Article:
Cutting and coping at COP17

Climate talks in Durban are on track to help poor and vulnerable nations deal with increasingly fierce heatwaves, storms and drought, the United Nations' top climate official said on Saturday.


"I am pretty confident that we are going to come out of Durban at the end of next week with probably the strongest package to support adaptation that we have ever had," Christiana Figueres, executive secretary of the UN Framework Convention on Climate Change (UNFCCC), told Agence France-Presse in an interview.

Climate change initiatives fall into two broad categories of "cut" and "cope": cutting the greenhouse gas emissions that drive global warming, and coping with the impacts already hitting regions across the world.

How to allocate scarce climate resources across this divide is a keenly debated issue at the 12-day climate negotiations under the UNFCCC, which runs until Friday.

Most developing countries would like to see more money going into projects that help small-scale farmers cope with climate-enhanced weather extremes, or coastal communities deal with storm surges and rising seas.

So far, however, the lion's share of funds have gone to mitigation, the term used for schemes to reduce the amount of CO2 pumped into the atmosphere.

About 95% of the approximately $97-billion channeled into climate-related finance each year is earmarked for mitigation, according to a report by Climate Policy Initiative, an international research centre based in San Francisco.

Mitigation and adaptation
"The split between mitigation and adaptation contrasts with some of the rhetoric in global climate change negotiations, where many countries and commentators have remarked that climate finance should be split 50-50," lead author Barbara Buchner notes in the study.

New initiatives on the table in Durban should help shift the balance in this direction, Figueres said.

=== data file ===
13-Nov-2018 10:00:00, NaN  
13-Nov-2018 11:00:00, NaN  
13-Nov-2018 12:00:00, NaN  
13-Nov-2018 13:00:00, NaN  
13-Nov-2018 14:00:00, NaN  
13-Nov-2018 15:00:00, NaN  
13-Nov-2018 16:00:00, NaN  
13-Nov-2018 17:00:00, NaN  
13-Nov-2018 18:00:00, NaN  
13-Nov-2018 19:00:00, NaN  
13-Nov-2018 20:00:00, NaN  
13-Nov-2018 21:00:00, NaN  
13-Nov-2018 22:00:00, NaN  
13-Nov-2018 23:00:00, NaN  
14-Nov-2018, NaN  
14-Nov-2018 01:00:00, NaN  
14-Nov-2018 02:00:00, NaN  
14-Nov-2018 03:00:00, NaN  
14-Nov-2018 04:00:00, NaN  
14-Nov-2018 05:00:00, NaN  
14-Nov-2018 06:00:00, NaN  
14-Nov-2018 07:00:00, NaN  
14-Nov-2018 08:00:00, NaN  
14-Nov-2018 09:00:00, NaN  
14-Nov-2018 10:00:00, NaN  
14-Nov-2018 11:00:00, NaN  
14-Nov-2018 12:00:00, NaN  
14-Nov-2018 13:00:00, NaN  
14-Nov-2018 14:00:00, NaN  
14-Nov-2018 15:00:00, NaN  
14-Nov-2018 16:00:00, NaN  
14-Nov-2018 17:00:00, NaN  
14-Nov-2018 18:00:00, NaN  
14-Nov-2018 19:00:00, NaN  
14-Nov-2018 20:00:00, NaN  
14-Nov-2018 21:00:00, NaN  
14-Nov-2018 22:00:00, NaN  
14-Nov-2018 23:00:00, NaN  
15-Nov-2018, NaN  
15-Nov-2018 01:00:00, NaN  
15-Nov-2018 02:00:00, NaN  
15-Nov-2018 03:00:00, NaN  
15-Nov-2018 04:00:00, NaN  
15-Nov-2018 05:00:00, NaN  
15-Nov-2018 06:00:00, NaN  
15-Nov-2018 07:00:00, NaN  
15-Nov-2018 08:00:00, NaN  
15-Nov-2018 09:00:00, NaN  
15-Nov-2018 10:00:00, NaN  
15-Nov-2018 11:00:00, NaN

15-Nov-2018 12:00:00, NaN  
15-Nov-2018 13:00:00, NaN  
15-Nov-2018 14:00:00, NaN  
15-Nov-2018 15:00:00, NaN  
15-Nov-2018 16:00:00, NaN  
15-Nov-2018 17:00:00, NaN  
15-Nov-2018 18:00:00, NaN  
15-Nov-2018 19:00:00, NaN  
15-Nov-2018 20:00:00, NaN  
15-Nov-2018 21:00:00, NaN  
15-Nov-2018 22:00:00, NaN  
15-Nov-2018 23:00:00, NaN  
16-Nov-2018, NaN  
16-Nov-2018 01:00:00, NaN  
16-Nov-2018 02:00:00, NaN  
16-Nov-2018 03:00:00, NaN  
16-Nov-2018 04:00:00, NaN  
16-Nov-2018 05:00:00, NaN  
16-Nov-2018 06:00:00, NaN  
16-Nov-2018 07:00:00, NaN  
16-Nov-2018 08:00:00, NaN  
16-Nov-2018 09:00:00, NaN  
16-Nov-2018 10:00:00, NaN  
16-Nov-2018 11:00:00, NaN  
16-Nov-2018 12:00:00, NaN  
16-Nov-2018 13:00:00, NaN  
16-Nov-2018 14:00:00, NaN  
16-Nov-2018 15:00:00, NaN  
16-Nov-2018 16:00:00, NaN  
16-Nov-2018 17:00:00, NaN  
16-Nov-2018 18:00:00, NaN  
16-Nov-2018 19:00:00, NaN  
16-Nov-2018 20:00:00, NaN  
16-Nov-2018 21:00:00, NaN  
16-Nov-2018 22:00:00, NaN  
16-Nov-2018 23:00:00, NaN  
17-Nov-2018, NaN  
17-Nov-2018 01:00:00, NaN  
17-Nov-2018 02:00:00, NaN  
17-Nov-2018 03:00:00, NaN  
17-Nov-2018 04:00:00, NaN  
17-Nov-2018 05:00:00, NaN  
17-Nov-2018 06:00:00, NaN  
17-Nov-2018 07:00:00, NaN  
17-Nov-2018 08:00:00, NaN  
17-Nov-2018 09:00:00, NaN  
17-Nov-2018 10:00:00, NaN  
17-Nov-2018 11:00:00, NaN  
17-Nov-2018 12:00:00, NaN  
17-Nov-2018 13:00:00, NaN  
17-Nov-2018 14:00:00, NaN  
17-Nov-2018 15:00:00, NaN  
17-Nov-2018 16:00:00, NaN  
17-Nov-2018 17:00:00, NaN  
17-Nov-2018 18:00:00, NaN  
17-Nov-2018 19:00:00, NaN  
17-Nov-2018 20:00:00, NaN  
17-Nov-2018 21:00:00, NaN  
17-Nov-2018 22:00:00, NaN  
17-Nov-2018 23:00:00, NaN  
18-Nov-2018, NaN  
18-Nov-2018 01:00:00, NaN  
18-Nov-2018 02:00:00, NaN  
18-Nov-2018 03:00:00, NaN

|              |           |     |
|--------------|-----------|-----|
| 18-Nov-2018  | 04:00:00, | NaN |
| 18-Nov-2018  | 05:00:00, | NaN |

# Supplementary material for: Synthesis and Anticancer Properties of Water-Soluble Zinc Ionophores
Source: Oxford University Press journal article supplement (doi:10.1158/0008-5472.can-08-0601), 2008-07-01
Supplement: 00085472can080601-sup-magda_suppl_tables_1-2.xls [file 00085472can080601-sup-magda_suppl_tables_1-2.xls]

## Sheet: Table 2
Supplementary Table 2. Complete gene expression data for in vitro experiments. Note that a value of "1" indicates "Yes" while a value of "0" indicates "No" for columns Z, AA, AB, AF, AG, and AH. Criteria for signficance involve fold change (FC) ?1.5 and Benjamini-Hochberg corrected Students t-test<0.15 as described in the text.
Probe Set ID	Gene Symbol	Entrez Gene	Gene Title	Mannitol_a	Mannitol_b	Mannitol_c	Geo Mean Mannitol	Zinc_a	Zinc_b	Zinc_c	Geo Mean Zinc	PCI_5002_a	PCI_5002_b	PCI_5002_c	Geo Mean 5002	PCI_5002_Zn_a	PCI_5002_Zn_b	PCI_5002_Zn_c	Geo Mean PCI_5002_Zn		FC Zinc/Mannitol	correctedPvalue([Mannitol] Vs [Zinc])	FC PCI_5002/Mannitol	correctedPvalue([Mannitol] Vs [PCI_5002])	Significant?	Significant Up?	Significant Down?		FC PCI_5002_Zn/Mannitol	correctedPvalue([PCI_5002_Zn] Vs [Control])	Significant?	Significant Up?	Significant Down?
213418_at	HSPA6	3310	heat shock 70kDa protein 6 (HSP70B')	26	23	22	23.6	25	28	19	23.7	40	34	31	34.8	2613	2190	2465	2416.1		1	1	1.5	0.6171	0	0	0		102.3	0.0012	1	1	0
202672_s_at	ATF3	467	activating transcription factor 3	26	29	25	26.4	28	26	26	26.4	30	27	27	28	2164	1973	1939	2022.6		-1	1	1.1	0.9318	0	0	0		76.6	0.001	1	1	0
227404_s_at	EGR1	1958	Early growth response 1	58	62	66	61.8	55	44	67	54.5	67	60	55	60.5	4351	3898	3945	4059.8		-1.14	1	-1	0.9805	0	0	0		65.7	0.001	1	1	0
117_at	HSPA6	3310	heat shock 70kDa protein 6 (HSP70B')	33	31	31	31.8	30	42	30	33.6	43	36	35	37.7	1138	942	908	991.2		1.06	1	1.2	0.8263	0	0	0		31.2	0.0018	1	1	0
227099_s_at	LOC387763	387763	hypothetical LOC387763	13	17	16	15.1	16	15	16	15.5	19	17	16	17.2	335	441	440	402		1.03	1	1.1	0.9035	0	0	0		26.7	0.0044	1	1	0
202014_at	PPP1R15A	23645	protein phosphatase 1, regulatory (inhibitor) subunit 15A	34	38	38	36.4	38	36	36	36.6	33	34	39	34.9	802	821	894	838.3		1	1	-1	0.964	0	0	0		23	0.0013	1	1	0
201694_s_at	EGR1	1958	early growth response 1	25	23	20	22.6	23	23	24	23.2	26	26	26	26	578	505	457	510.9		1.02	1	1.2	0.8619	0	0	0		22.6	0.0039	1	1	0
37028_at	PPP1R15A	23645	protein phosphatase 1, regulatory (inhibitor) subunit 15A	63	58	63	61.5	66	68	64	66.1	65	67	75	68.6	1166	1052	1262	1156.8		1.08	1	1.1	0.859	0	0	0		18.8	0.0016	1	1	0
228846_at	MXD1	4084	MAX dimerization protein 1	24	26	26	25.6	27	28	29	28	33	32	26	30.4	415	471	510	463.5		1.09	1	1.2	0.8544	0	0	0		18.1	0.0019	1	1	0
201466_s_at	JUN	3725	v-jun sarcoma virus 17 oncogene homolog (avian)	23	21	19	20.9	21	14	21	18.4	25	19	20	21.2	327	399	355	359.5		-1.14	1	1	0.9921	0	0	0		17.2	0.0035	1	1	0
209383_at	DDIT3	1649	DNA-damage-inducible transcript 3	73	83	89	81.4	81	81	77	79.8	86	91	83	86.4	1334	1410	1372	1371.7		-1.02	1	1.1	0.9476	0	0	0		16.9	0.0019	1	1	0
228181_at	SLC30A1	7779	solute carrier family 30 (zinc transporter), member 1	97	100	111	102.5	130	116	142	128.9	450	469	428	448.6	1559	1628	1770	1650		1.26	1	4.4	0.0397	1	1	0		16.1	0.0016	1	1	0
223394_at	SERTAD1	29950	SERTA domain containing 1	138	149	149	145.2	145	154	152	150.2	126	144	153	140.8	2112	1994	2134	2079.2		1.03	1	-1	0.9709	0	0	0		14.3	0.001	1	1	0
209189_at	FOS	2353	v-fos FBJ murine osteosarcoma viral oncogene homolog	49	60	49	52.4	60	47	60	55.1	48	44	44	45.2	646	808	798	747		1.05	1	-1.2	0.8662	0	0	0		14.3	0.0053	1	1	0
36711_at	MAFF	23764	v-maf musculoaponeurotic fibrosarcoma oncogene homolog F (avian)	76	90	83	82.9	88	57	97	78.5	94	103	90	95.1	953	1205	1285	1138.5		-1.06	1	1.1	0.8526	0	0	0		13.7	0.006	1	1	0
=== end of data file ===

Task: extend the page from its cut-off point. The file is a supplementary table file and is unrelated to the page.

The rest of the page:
Some are only preliminary steps, such as forming a work group to examine "loss and damage" that can be attributed to climate change, or a programme that allows the most exposed nations to highlight priority targets for assistance.

All of these are to be piloted by an umbrella adaptation committee that exists on paper but has yet to be set up.

More contentious is a Green Climate Fund, to be ramped up to $100-billion a year by 2020 to help with both mitigation and adaptation in poorer nations. Again, the mix has yet to be defined.

For Figueres, the yardstick for progress in the UN talks as a whole is how well they serve this constituency.

"I firmly believe that the success of this process must be measured by its effect on the most vulnerable populations of the world, not those that are least vulnerable," she said.

Earlier in the day, about 6 500 people, mostly from South Africa and other parts of the continent, marched through the streets of Durban calling for "climate justice".

Many were highly critical of the UN talks, saying they were moving too slowly and slanted too heavily toward market-driven initiatives based on carbon markets.

When asked, Figueres acknowledged that she felt sympathy with the marchers and their call for equity.

"Being the daughter of a revolutionary, that's certainly part of me," she said with a smile. "I would like to be there because I have high expectations and ambition."

"I am very committed to the fact that civil society is just as important a participant in this process as the governments and the private sector."

But the demonstrators were wrong, she added, to think that progress was not being made.

"I have witnessed extraordinary progress over the last year, and even in the seven days since we have been here."

The first of about 130 ministers began to arrive over the weekend for the high-level segment of the talks starting on Tuesday.

They will decide the fate of the Kyoto Protocol, the only international treaty limiting greenhouse gases, and whether to set the Green Climate Fund in motion.

Also on the table is a proposal from the European Union to set a 2015 deadline for hammering out a legally-binding climate deal covering all major emitters, to be implemented by 2020. – AFP

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Marlowe Hood
Marlowe Hood
AFP environment & science reporter, herald of the Anthropocene.

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